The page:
In 2008, total Danish pork exports were evaluated at €3.6 billion, corresponding to ap-proximately 5% of the total Danish exports. An outbreak of a notifiable disease might, there-fore, have a dramatic consequence for the agricultural sector in Denmark. The objective of this study was to simulate the epidemiological and economic consequences of such control strategies under Danish conditions with respect to herd demographics and geography as well as to investigate the effect of extra biosecurity on farms. We used InterSpread Plus to model the effect of nine different control strategies: the minimum measures required by the EU plus depopulation of contact herds (EUplus), extra depopulation of neighbouring herds, extra surveillance of neighbouring herds, extra surveil-lance within the protection and surveillance zones, extra biosecurity in SPF herds – or in all herds, vaccination of all pigs in the 1 or 2 km zones as a protective measure (vaccination-to-kill), vaccination of all weaners and finishers in the 1 and 2 km zones as a suppressive meas-ure (vaccination-to-live). Each epidemic was simulated to start in four different index herds: productions herd located in low, medium and high pig density areas, respectively; and a nu-cleus herd in an area of high pig density. For each control strategy and index case, we calcu-lated the size and duration of the epidemic, the number of depopulated and/or vaccinated herds and animals, the control costs borne by the public and the pig industry, respectively, as well as the lost exports associated with the epidemic. The simulation showed that the EUplus strategy is the most effective of the evaluated strategies with respect to limiting size, duration and costs of the epidemic, regardless of the index case. However, regarding the number of slaughtered animals, the vaccination-to-live strategy appeared to be more effective. Epidemics become larger and longer if the index case is a nucleus herd. This implies that biosecurity in nucleus herds is extremely important to avoid transmission of CSF to these herds. In the Netherlands in 1997-98, many herds were involved in a large epidemic (Elbers et al, 1999). However, many epidemics include a smaller number of infected herds, as was the case in Germany in the 1990s (Fritzemeier et al., 2000) and in England in 2000 (Mackinnon, 2001). Simulations showed that a Danish CSF epidemic will be moderate in most cases and will include fewer that ten cases and last less than 2 weeks on average. However, for some itera-tions, long-lasting and large epidemics were observed. Irrespective of the size and duration, an epidemic is expected to be very costly due to the export losses. Elbers,A.R.W., Stegeman,A., Moser,H., Ekker,H.M., Smak,J.A., Pluimers,F.H., 1999. The classical swine fever epidemic 1997-1998 in The Netherlands: descriptive epidemiology, Prev.Vet.Med., 42, 157-184. Fritzemeier,J., Teuffert,J., Greiser,Wilke,I, Staubach,Ch, Schlüter,H., Moennig,V., 2000. Epidemiology of classical swine fever in Germany in the 1990s, Vet.Microbiol. 77, 29-41. MacKinnon, J.D., 2001. Some clinical and epidemiological aspects of the outbreak of Classical Swine Fe-ver in East Anglia in 2000, State Vet.J,, 11, 2-7.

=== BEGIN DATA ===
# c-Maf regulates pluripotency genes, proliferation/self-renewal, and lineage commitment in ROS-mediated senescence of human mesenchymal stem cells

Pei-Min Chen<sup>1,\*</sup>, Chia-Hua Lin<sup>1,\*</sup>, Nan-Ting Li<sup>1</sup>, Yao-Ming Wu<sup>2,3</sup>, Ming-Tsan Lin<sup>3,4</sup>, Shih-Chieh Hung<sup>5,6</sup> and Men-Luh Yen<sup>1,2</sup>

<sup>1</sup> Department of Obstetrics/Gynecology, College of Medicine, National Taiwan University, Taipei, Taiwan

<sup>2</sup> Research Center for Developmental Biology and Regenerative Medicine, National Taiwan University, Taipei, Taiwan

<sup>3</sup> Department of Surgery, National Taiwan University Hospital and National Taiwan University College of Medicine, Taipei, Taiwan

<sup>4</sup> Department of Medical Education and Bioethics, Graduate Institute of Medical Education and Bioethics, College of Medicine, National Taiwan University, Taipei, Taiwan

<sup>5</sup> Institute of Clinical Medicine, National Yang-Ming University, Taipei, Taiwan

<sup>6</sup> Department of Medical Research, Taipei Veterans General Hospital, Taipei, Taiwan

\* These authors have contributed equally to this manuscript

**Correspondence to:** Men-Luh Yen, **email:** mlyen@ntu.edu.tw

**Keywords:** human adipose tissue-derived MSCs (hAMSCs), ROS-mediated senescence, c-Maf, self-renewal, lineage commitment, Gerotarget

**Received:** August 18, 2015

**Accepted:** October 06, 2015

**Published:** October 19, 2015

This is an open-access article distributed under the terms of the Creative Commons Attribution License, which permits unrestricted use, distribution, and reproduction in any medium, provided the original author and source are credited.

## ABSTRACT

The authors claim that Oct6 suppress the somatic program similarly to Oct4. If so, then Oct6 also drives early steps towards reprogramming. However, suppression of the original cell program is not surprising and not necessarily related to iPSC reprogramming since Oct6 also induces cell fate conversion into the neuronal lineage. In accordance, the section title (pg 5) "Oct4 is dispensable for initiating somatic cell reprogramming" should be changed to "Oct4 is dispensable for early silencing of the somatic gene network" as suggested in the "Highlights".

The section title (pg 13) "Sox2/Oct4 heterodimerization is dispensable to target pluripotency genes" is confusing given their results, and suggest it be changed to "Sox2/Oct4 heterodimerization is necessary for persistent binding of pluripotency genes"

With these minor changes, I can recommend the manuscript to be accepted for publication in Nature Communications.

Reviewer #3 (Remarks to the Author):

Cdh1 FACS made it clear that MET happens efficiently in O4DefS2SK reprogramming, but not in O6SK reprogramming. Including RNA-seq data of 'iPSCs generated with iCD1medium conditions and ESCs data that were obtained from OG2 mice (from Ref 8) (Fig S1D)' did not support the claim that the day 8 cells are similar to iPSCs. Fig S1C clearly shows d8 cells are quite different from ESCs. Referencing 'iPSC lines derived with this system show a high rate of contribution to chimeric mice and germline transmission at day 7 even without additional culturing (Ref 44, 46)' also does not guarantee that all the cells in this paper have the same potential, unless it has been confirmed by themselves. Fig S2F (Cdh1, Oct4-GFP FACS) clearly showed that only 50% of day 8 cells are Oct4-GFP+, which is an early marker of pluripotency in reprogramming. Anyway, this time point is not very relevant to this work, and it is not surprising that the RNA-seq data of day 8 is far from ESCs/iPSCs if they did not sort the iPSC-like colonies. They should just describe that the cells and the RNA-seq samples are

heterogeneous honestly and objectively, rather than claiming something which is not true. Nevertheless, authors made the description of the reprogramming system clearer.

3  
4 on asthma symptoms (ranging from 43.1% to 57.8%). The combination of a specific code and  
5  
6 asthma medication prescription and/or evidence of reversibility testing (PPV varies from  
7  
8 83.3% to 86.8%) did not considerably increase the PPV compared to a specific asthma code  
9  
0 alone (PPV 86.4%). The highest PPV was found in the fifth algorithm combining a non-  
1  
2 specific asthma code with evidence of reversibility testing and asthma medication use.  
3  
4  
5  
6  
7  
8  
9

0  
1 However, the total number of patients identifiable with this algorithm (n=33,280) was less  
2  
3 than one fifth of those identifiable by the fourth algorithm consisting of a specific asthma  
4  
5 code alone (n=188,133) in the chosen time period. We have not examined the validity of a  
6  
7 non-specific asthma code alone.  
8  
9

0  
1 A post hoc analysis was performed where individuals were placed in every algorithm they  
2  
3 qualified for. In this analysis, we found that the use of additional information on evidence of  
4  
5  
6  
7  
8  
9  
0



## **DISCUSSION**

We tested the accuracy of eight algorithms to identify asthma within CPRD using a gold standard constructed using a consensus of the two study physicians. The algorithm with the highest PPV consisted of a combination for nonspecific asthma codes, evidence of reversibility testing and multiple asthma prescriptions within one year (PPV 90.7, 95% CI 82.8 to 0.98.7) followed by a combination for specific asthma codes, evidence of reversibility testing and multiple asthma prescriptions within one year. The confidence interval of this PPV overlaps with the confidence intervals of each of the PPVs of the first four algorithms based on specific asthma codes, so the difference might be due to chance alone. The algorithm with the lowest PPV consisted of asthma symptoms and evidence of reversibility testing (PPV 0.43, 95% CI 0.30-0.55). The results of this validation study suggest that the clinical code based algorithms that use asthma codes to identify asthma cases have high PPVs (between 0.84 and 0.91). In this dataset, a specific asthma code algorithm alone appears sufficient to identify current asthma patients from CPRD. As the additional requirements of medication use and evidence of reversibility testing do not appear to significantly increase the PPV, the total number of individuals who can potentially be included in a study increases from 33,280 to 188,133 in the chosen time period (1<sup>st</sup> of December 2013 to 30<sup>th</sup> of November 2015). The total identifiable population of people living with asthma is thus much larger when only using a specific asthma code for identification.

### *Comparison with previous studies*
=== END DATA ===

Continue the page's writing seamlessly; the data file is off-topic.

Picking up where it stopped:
|Title of host publication||Emergency vaccination for classical swine fever will not be cost-effective for countries with a large export|
|Publication status||Published - 2009|
|Event||12th Conference of the International Society for Veterinary Epidemiology and Economics - Durban, South Africa|
Duration: 10 Aug 2009 → 14 Aug 2009
Conference number: 12
|Conference||12th Conference of the International Society for Veterinary Epidemiology and Economics|
|Period||10/08/2009 → 14/08/2009|